It was a radical notion at the time, as linguistics was dominated by theorists who relied heavily on intuition. Labov's practice of recording the speech of everyday people, then subjecting it to rigorous statistical analysis, was unprecedented.
"His work is in the community as opposed to being ivory-tower," Poplack said.
In one of Labov's most famous early studies, he demonstrated that variations in speech depend heavily on social class.
He went to three New York City department stores in the 1960s - Saks, Macy's, and S. Klein - and asked salespeople where to find merchandise that he already knew was located on the fourth floor. That way he could see if they dropped the letter R - as in "flo-uh."
The people at upscale Saks did so the least.
"The higher-class the store, the more expensive the goods, the more the R was pronounced," Labov recalled.
He is perhaps best known for his study of language as a living, breathing thing, demonstrating how the pronunciation of vowels changes with time and how certain vocabulary words migrate from city to city.
By looking at ads in telephone books from the 1960s, for example, he showed how the word hoagie made its way from Philadelphia to Pittsburgh, displacing the word sub.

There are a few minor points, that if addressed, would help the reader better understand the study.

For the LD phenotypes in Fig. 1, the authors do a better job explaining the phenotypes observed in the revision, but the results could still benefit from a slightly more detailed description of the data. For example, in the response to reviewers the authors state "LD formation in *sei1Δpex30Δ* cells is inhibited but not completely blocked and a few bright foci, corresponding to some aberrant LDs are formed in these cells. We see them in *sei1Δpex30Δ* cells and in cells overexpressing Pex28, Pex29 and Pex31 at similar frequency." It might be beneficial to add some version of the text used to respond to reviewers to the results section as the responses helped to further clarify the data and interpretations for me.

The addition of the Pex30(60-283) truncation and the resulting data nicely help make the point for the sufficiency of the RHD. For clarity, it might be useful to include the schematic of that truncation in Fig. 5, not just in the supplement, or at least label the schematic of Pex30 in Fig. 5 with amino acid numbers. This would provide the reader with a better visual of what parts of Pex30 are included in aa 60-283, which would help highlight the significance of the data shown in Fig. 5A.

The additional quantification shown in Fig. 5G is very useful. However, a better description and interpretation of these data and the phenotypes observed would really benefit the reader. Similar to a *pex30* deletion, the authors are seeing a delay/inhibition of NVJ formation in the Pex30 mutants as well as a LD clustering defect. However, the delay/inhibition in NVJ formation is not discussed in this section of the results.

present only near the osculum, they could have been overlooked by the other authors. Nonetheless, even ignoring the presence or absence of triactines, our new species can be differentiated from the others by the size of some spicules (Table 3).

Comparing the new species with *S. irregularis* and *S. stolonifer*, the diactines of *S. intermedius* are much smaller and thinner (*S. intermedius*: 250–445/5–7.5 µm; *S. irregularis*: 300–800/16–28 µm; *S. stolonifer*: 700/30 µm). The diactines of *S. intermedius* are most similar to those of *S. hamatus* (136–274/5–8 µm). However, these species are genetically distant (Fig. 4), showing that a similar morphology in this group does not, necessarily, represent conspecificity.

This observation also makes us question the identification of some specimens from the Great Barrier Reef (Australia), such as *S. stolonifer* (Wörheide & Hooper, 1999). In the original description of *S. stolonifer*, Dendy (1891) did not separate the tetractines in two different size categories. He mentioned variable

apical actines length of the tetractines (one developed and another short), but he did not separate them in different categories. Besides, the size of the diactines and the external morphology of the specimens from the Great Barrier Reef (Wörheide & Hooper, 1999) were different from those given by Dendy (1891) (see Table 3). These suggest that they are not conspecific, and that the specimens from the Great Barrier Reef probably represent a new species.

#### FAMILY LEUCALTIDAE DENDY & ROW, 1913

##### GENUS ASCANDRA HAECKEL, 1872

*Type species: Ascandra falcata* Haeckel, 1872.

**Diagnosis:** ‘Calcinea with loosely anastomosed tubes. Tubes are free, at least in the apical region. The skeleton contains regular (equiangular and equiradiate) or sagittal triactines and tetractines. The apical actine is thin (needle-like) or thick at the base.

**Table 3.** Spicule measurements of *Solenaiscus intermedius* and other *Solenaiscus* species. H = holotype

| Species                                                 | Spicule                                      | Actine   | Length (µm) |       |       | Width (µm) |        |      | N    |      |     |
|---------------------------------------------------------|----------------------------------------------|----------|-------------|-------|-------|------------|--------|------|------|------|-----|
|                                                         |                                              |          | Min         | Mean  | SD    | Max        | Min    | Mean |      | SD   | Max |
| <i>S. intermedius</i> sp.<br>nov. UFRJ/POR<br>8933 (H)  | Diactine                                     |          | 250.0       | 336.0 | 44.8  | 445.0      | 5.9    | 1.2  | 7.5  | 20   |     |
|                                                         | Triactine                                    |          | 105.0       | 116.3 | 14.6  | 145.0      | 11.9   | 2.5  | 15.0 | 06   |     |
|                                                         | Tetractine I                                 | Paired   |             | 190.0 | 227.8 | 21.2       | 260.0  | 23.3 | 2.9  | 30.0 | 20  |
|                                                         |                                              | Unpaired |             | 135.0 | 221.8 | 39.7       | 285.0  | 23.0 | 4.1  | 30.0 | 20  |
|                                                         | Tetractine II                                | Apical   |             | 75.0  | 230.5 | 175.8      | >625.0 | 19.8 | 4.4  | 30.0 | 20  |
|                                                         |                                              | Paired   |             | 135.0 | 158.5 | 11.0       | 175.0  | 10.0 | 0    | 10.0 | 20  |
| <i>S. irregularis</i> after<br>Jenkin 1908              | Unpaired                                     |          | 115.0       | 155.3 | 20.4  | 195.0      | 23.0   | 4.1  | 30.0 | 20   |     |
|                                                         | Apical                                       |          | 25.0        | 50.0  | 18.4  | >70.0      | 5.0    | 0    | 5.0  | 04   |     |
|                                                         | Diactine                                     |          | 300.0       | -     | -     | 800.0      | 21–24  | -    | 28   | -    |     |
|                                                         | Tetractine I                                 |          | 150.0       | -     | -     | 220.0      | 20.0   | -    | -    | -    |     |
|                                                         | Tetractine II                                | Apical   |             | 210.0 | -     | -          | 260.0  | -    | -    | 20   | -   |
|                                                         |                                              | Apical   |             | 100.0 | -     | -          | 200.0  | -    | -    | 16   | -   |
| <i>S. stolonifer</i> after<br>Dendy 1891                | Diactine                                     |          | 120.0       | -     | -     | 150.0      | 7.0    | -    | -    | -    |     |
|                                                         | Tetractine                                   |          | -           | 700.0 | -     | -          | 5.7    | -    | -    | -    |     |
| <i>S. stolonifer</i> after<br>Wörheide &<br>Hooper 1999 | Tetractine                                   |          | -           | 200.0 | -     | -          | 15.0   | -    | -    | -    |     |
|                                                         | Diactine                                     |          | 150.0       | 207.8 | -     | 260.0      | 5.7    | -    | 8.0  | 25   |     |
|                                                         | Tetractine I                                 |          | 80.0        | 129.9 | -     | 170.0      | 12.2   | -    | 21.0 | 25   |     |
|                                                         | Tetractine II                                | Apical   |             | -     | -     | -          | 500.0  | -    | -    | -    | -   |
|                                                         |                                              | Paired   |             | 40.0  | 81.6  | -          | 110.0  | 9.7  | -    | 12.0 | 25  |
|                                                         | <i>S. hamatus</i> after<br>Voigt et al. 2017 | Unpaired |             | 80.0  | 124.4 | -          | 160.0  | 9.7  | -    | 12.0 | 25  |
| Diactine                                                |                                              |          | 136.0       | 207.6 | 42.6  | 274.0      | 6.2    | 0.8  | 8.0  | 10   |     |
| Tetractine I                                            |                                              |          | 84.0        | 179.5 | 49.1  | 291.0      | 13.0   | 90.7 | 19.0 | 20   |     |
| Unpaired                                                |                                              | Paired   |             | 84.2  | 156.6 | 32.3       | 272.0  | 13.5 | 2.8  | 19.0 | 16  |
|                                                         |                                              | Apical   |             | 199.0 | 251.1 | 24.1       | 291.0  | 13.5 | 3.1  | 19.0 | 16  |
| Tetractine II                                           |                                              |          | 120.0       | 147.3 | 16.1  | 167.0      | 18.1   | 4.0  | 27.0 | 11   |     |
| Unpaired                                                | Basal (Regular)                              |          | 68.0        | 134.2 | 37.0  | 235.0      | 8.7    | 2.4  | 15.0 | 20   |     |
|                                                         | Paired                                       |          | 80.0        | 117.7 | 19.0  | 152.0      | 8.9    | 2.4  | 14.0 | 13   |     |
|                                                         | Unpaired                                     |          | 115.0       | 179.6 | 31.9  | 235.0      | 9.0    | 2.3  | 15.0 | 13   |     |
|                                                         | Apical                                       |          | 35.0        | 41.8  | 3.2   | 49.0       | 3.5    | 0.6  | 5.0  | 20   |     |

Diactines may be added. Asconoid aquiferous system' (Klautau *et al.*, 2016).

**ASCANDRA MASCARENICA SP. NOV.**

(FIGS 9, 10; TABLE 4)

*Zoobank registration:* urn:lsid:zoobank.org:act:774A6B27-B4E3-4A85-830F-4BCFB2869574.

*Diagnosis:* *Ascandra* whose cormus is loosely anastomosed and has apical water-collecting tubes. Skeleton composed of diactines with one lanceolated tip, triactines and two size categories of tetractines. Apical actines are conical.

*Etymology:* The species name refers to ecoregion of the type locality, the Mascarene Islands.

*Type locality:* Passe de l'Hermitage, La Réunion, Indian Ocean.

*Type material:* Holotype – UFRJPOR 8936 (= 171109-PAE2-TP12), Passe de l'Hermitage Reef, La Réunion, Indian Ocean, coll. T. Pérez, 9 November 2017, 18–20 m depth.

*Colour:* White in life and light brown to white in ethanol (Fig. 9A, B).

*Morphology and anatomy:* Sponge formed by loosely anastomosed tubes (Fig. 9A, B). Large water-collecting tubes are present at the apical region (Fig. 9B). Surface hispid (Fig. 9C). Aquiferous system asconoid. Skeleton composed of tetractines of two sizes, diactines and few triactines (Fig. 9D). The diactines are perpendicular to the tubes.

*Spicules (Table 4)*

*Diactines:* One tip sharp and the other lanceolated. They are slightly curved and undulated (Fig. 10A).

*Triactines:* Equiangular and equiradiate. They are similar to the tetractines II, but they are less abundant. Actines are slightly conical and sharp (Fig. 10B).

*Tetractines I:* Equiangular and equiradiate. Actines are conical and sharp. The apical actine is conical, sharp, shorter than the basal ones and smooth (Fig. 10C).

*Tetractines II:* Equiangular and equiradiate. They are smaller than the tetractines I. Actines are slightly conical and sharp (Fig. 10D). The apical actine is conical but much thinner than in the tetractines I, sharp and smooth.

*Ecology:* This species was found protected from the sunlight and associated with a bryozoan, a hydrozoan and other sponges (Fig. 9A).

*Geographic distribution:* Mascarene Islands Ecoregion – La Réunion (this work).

He worked initially at Columbia University, then moved to Penn in 1970, drawn by Philadelphia's rich, changing stew of vowels. Residents pronounce down more like "day-on," for example, but the degree to which they do so depends on when they were born.
The reasons for these types of changes are still poorly understood, but Labov has embraced newer technology in the quest to find out why, digitizing old recordings and analyzing them by computer.
It is not just about the research. In the last 15 years, Labov has been using his findings on African American English to improve reading instruction in a joint effort with Penn's Netter Center for Community Partnerships.
"He is deeply motivated by the idea that knowledge can improve the world," said Netter Center director Ira Harkavy.
Labov attributed lower reading scores in African American youths to the fact they spoke a dialect, with different grammar and pronunciation than what was used in school materials.
Similar thinking led others to create school materials in black English - the so-called ebonics movement of a few years ago - but Labov says the controversy that provoked swamped its chances of success.
Instead, working with others at Penn, he has developed graphic novels that are written in standard English but contain stories and idioms that resonate with urban youths. Student volunteers from Penn use the materials to work in elementary schools, and so far they seem to be helping, Harkavy said.
"It's very Franklinesque, where Franklin's whole idea was 'What good may I do?' - the idea of knowledge to improve human welfare," Harkavy said. "The fact that Bill Labov is winning the Benjamin Franklin medal could not be more appropriate."
Contact Tom Avril at 215-854-2430 or email@example.com .